2D274905957270-YesPlease.blocks_desktop_medium[1]Dearie: The Remarkable Life of Julia Child by Bob Spitz

She began as an unconventional young woman who ran off to join a spy agency, and ended up an icon of both television and cooking! This entertaining and detailed biography of the beloved TV chef captures the supreme confidence Child demonstrated throughout her life — including her willingness to take the pretentious down a peg. Her light tone and sense of humor passed on that confidence to cooks across America, reassuring them that they, too, could achieve what they dreamed. She may have only been seeking a way to express her true self, but she also changed American culture forever.

Yes Please by Amy Poehler

This funny and candid book is a collection of lists, stories, poems, and other fragments that come together to reveal the life and career of one of the world’s favorite comedians! She talks about a “too safe” childhood, her early years in New York, breaking into entertainment, and then the realities of life in Hollywood and “the biz.” Additional touches in this memoir provide words of wisdom about work, love, self-image, and above all, being true to yourself and finding the people who appreciate you for who you are.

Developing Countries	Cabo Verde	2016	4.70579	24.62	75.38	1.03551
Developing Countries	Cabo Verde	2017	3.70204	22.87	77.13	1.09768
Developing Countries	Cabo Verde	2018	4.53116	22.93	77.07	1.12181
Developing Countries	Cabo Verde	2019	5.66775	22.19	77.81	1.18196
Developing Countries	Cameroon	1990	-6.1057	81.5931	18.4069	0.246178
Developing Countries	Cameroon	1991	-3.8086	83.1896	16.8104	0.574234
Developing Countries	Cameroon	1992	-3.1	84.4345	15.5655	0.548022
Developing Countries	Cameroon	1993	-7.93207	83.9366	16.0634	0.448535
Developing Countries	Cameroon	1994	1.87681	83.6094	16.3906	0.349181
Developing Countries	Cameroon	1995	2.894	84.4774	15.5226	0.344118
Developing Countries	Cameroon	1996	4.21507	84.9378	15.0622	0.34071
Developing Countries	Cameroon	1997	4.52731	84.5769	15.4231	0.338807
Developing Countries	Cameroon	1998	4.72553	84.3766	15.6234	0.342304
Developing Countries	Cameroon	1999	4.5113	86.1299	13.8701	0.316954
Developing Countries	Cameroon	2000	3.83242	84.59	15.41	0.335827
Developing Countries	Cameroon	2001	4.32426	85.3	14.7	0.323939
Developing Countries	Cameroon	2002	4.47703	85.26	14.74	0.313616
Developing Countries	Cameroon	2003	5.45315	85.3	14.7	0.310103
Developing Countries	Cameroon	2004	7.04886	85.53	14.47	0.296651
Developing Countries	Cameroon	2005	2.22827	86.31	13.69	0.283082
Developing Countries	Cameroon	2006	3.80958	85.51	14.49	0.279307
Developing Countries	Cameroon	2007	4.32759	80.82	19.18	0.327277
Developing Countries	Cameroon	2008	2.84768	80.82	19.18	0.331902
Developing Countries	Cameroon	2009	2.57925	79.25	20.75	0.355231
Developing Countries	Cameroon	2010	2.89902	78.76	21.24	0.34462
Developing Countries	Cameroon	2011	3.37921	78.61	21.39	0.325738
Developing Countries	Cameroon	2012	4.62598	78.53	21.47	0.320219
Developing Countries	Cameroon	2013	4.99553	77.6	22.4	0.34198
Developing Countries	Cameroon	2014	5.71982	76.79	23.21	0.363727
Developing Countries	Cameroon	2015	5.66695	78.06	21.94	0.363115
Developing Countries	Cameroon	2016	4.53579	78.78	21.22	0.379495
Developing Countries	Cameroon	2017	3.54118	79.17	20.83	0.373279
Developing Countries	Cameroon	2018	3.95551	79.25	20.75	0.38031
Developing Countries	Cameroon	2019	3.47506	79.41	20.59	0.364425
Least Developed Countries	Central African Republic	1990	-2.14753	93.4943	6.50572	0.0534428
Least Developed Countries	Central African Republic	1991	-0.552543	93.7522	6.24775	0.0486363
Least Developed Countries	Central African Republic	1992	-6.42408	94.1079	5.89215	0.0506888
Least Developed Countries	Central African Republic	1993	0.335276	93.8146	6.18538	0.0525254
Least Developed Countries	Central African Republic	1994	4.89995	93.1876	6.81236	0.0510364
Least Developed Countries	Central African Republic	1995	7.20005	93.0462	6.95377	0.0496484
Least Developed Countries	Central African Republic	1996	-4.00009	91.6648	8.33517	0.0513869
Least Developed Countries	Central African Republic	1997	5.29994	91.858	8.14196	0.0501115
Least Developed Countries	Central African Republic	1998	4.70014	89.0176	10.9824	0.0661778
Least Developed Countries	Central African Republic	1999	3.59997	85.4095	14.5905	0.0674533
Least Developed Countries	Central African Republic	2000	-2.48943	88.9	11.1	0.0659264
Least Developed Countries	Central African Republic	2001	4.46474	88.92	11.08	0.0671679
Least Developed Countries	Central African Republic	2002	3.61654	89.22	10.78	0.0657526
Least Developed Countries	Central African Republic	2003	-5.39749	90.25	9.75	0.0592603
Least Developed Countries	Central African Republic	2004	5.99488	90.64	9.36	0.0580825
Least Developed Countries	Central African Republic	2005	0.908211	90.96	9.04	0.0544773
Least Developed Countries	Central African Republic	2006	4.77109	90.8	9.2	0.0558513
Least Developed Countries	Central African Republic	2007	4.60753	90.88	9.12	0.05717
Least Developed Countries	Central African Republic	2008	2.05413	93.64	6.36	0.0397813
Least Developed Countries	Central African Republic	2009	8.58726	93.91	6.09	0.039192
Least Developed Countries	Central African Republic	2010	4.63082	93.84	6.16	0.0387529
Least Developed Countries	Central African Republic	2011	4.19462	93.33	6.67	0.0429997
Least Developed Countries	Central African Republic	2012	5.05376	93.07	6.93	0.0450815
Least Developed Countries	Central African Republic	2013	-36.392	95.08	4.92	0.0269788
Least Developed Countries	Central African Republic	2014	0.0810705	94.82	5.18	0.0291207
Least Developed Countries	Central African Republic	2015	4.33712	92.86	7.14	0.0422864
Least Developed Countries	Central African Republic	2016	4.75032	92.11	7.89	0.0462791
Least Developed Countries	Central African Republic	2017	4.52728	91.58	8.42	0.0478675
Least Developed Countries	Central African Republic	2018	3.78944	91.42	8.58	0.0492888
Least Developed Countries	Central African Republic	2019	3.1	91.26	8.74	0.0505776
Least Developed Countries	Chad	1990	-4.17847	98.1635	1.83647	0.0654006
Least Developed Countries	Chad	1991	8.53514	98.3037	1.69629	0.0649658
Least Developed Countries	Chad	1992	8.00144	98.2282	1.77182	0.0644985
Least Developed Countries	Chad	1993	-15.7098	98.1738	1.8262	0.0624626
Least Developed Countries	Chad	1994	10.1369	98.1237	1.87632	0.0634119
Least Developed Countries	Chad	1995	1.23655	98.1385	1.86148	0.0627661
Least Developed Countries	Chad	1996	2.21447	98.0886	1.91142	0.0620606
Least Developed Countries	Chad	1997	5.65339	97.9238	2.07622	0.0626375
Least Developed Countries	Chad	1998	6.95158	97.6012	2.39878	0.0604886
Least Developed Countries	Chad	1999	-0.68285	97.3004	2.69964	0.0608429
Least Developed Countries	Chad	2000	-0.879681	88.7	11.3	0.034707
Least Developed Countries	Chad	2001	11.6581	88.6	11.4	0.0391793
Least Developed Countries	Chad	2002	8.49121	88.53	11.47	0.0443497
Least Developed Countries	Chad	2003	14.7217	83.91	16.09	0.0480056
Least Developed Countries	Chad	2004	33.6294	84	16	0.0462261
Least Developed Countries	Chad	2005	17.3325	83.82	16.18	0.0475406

18143768[1]Life In Motion: An Unlikely Ballerina by Misty Copeland

Misty Copeland was living in a motel room with her five siblings when she first laid her hands on a ballet barre at the Boys and Girls Club of Los Angeles. Within a year, she was performing professionally. Today, she is the first African American soloist for the American Ballet Theater. During her meteoric rise, she found herself caught between the joy she found in ballet and the tough reality of her family life, culminating in a custody battle between her ballet teacher and her mother. With an honest, warm voice, she talks about the challenges of poverty, dance, and finding the balance between achieving your dreams and staying true to yourself.

Rocket Girl: The Story of Mary Sherman Morgan, America’s First Female Rocket Scientist by George D. Morgan

Morgan’s son tells the story of the little-known woman whose work was critical to the launch of America’s first satellite. As a teenager in the late 1930s, Morgan dreamed of a career in chemistry at a time when most of her peers dreamed of husbands and children. When top scientists like Wernher von Braun could not find solutions to the repeated failures of the American space program’s rockets, the job was given to North American Aviation — and to Morgan. The formula she developed for rocket fuel launched Explorer 1 into the stratosphere and beyond.

My_Beloved_World_cover[1]My Beloved World by Sonia Sotomayor